Credit where credit is due, meh

In December 2022, UP Los Baños economist Enrico Villanueva publicly raised concerns about how the Maharlika Investment Fund would affect the Land Bank of the Philippines and the Development Bank of the Philippines — the two state banks mandated by law to put in P50 billion and P25 billion, respectively, in initial capital to fund the MIF.

Villanueva spent time assiduously analyzing the MIF and after making some incisive computations, concluded that the two state banks’ capital adequacy and leverage ratios would be gravely compromised if they were to put in — upfront — the amounts the government was asking them to sink into the Fund.

Likewise, global investment banker Stephen Cuunjieng, in early June of this year, expressed over broadcast media his misgivings about the two state banks plunking down a total of P75 billion between them in one fell swoop into the Fund.

“Regardless of how the banks will fund it, whether they sell securities or bonds, the amounts they’ll put in the MIF will be charged to their equity; the amounts they contribute to the Fund is the use of their equity. And that’s very critical,” Cuunjieng pointed out.

He explained, “Banks normally have about 10 percent Tier 1 capital. What does that mean? P1 of equity supports P10 of loans. Banks have leverage — they have deposits, for instance, among other things —but basically, they have 10% Tier 1 equity, and if Landbank is going to put in P50 billion and DBP P25 billion, that means that you reduce Landbank’s borrowing capacity by P500 billion — not P50 billion — and you reduce DBP’s lending capacity not by P25 billion but by P250 billion.”

Thus, forcing the two state banks to give those respective amounts to Maharlika would mean that Landbank’s ability to lend to the agricultural sector and the DBP’s to infrastructure, have been severely reduced.

“And that’s the problem when you don’t carefully study the implications of what you’re legislating,” Cuunjieng said.

Earlier this month, less than a year after both Villanueva and Cuunjieng expressed their apprehensions about the hastily enacted law that created the MIF, both the LBP and DBP have asked the Bangko Sentral ng Pilipinas for regulatory relief as seeder-funders of the administration’s MIF.

Both state banks had already turned over their respective contributions to the Fund in September, less than three months after the law enacting the MIF was passed by Congress in July.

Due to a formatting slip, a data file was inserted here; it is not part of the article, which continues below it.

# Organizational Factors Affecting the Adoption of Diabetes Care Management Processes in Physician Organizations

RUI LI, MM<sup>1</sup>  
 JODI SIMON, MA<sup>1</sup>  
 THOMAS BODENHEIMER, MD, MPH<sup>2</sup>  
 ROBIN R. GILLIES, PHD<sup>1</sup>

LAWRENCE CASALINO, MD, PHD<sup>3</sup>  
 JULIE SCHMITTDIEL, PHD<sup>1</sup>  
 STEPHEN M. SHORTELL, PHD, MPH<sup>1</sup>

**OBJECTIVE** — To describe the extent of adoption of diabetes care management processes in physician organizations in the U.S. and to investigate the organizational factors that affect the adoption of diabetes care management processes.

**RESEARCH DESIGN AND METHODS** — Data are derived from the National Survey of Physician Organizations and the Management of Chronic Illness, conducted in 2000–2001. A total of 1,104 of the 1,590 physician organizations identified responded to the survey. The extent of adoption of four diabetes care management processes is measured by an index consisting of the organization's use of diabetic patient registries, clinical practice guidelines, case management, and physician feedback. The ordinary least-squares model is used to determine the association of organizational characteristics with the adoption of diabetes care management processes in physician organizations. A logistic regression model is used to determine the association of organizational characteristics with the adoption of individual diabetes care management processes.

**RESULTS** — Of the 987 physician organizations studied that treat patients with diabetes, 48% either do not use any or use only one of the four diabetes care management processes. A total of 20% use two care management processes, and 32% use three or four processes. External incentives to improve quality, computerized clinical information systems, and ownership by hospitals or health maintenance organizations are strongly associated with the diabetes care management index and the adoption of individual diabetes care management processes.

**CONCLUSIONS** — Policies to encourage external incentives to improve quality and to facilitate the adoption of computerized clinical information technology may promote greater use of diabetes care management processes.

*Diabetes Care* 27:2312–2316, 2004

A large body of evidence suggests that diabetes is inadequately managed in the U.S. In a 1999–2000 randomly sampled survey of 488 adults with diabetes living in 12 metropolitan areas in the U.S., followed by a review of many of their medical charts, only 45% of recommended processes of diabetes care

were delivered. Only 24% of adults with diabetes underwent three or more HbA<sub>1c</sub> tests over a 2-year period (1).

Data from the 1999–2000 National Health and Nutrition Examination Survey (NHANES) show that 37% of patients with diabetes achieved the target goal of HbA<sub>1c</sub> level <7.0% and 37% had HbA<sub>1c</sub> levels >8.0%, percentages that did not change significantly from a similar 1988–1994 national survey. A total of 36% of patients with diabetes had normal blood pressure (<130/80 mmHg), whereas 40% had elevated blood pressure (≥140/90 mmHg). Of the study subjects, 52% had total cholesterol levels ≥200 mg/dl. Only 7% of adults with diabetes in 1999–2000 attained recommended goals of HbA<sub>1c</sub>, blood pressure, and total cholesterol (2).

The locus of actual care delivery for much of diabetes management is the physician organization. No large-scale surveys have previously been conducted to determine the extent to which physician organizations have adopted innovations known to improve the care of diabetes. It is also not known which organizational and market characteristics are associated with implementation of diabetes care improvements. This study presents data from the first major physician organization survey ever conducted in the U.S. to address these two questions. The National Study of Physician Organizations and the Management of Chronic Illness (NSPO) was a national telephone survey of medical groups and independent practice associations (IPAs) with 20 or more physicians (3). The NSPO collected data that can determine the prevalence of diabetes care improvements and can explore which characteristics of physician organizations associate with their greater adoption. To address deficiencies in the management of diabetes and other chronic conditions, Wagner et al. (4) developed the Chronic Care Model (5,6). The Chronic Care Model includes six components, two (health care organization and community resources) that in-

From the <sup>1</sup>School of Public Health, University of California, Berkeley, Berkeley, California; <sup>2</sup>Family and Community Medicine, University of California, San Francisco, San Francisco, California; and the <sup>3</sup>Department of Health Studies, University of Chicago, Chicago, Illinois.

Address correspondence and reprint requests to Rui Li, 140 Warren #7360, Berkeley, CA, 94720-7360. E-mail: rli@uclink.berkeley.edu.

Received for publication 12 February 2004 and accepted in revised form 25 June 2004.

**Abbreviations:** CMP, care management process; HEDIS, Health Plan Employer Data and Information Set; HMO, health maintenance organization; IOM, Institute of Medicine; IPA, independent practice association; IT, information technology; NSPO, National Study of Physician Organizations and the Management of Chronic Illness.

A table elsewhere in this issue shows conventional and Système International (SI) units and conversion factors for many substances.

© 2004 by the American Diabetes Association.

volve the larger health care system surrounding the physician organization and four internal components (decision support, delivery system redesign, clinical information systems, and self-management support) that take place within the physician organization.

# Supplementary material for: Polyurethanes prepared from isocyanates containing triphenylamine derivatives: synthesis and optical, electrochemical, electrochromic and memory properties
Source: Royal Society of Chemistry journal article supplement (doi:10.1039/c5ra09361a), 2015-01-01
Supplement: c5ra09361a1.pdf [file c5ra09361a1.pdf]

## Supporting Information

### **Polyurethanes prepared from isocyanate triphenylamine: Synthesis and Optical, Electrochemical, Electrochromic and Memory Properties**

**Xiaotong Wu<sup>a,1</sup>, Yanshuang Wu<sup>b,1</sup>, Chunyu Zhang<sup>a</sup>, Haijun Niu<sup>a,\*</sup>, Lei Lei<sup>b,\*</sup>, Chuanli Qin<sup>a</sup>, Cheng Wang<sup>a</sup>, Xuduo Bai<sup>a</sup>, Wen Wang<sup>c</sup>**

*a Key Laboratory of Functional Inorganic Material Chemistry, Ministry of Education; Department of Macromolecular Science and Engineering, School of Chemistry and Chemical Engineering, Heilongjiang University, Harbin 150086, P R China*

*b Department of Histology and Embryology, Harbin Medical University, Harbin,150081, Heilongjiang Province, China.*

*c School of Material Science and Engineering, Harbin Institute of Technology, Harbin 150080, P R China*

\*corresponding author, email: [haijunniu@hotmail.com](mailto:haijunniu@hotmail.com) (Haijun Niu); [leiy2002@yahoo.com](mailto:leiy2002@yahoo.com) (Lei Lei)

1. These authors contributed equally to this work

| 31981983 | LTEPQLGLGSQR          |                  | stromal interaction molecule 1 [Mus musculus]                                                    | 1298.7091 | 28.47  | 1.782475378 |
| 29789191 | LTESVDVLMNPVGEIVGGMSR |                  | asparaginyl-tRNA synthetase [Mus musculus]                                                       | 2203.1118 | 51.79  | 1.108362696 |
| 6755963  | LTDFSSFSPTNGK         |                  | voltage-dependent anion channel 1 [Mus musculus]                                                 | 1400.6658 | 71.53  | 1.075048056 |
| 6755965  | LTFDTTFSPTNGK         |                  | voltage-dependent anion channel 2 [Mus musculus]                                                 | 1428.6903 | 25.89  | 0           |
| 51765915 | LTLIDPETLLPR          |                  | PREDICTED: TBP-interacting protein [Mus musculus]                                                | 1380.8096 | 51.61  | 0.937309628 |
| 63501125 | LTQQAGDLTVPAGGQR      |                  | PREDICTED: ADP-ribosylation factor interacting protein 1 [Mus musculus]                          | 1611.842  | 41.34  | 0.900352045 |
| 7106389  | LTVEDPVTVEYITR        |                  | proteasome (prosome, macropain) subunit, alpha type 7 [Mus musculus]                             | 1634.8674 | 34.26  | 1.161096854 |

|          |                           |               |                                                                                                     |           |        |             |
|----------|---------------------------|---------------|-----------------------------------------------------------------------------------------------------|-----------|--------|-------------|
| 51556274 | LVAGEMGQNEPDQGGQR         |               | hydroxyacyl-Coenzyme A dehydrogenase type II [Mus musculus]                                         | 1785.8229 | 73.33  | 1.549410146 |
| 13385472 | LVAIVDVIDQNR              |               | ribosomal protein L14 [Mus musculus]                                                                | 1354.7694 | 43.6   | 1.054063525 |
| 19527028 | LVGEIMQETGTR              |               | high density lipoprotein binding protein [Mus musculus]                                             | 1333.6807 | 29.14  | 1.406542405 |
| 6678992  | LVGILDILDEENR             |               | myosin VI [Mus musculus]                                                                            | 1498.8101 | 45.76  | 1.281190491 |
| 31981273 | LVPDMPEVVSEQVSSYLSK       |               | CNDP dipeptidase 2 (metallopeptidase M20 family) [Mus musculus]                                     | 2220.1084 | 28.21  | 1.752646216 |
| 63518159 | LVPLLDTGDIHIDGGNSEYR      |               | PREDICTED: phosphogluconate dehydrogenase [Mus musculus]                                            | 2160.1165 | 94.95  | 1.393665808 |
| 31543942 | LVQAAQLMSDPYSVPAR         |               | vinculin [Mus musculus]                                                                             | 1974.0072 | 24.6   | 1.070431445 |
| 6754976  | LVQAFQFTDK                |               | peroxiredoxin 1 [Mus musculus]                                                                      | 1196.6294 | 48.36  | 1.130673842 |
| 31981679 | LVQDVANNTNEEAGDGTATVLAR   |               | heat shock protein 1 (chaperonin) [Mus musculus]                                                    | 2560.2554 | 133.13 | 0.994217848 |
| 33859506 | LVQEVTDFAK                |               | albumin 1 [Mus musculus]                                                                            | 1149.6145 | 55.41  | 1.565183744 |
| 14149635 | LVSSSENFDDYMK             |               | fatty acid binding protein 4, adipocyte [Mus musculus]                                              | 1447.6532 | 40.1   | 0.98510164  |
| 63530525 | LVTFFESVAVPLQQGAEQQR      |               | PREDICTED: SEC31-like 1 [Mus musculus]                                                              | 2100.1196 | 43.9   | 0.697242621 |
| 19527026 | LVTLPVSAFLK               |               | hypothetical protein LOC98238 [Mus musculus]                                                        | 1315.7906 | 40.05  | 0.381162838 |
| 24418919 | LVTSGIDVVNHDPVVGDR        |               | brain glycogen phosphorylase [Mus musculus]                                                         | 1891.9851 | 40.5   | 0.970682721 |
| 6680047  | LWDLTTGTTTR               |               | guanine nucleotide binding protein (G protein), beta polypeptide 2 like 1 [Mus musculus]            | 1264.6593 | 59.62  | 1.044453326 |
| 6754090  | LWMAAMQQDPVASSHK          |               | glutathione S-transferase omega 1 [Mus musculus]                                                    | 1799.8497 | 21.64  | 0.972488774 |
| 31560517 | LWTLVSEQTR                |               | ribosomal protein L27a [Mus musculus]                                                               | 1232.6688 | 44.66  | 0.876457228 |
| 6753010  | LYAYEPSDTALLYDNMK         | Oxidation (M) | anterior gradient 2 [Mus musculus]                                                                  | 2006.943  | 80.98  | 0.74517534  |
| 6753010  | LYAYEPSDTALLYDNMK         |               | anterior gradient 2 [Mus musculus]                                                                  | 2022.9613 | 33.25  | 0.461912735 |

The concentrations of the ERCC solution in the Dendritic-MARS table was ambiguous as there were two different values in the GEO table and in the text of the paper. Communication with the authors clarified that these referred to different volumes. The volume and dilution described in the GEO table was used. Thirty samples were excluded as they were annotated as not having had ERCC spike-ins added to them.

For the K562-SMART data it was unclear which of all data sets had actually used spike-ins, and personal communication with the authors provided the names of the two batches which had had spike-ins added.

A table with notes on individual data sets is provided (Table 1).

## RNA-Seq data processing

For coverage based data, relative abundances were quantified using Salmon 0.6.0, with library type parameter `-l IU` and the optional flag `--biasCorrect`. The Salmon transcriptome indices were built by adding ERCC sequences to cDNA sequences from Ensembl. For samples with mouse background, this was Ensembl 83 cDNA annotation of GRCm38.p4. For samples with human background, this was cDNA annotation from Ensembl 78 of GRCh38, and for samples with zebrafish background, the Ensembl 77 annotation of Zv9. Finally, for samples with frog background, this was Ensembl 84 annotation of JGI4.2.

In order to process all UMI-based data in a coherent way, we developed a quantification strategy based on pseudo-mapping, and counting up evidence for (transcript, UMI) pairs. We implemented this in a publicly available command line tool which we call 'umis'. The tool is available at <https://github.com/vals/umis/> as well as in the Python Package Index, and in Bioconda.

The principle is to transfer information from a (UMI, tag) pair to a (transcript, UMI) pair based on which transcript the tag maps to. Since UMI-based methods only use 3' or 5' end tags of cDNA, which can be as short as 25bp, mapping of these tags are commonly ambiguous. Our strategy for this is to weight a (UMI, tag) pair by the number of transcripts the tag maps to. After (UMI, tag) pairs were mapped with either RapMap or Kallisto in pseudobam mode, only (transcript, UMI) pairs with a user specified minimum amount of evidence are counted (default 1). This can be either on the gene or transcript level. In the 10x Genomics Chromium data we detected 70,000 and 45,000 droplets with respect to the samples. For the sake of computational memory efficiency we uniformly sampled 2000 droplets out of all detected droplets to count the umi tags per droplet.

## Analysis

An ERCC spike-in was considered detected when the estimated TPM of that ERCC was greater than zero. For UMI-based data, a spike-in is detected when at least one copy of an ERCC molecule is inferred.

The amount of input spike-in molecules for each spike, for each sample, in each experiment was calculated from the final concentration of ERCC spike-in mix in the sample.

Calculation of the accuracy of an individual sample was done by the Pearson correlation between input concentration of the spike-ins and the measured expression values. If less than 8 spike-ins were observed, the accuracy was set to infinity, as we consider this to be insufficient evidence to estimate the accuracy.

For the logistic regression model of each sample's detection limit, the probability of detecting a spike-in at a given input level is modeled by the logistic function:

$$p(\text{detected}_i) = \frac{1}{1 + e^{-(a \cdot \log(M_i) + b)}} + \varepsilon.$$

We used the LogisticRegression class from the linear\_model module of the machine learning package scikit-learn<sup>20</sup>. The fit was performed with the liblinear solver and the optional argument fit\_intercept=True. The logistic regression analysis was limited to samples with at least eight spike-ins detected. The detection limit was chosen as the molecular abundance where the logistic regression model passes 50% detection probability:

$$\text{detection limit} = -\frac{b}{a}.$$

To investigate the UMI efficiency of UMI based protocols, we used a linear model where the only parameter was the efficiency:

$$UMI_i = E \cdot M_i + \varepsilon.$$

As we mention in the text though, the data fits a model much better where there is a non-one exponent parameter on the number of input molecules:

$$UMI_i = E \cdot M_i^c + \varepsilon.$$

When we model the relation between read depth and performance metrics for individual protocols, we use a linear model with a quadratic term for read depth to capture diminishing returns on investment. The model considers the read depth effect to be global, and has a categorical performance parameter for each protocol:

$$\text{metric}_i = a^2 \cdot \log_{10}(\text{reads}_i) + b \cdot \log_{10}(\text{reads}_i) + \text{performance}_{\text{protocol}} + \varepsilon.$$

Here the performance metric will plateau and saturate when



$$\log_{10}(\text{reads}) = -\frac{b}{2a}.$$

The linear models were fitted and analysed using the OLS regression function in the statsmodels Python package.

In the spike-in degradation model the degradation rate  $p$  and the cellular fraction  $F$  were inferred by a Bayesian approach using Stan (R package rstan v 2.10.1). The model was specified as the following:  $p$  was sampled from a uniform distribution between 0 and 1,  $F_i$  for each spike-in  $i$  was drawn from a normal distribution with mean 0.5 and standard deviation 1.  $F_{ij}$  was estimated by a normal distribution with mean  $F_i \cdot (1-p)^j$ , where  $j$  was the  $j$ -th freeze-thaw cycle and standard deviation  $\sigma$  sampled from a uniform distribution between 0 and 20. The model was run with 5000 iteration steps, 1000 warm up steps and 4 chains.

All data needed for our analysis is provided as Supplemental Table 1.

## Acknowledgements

Cuunjieng said he was “very disappointed” that no one — no lawmaker or economic manager — had given the matter any thought after he had expressed his apprehensions about the Fund in June.

“Four months later, here we are, with Landbank and DBP requesting regulatory relief from the BSP and the government on declaring dividends to the national government and on capital adequacy, followed by the President announcing a suspension of the rules and regulations governing the implementation of the Fund; in effect, suspending its operation.”

Still and all, Cuunjieng, who sits on the boards of over ten companies and had once been managing director at Salomon Brothers and Merril Lynch & Co., lauds the President for admitting that a “mistake” had been made.

“It’s never nice to admit you’re wrong — prior administrations probably would have been too proud to do that, so let me give him credit for that,” he said.

Putting aside the IRR on the MIF, what is needed now is a comprehensive review of the law that created the Fund. For the international investment banker, the most important takeaway from the President’s press conference where he announced the suspension of the MIF’s IRR was his reference to the MIF as a national development fund.

Pointed out Cuunjieng, “If that’s indeed what it is, then by all means, let’s limit the powers of the IRR; rather than make it broader, let it be made narrower so that the Fund is not abused and used for weird foreign investments, parking it in strange instruments. The Fund’s focus should just be limited to national development because there is absolutely an urgent need for that.”

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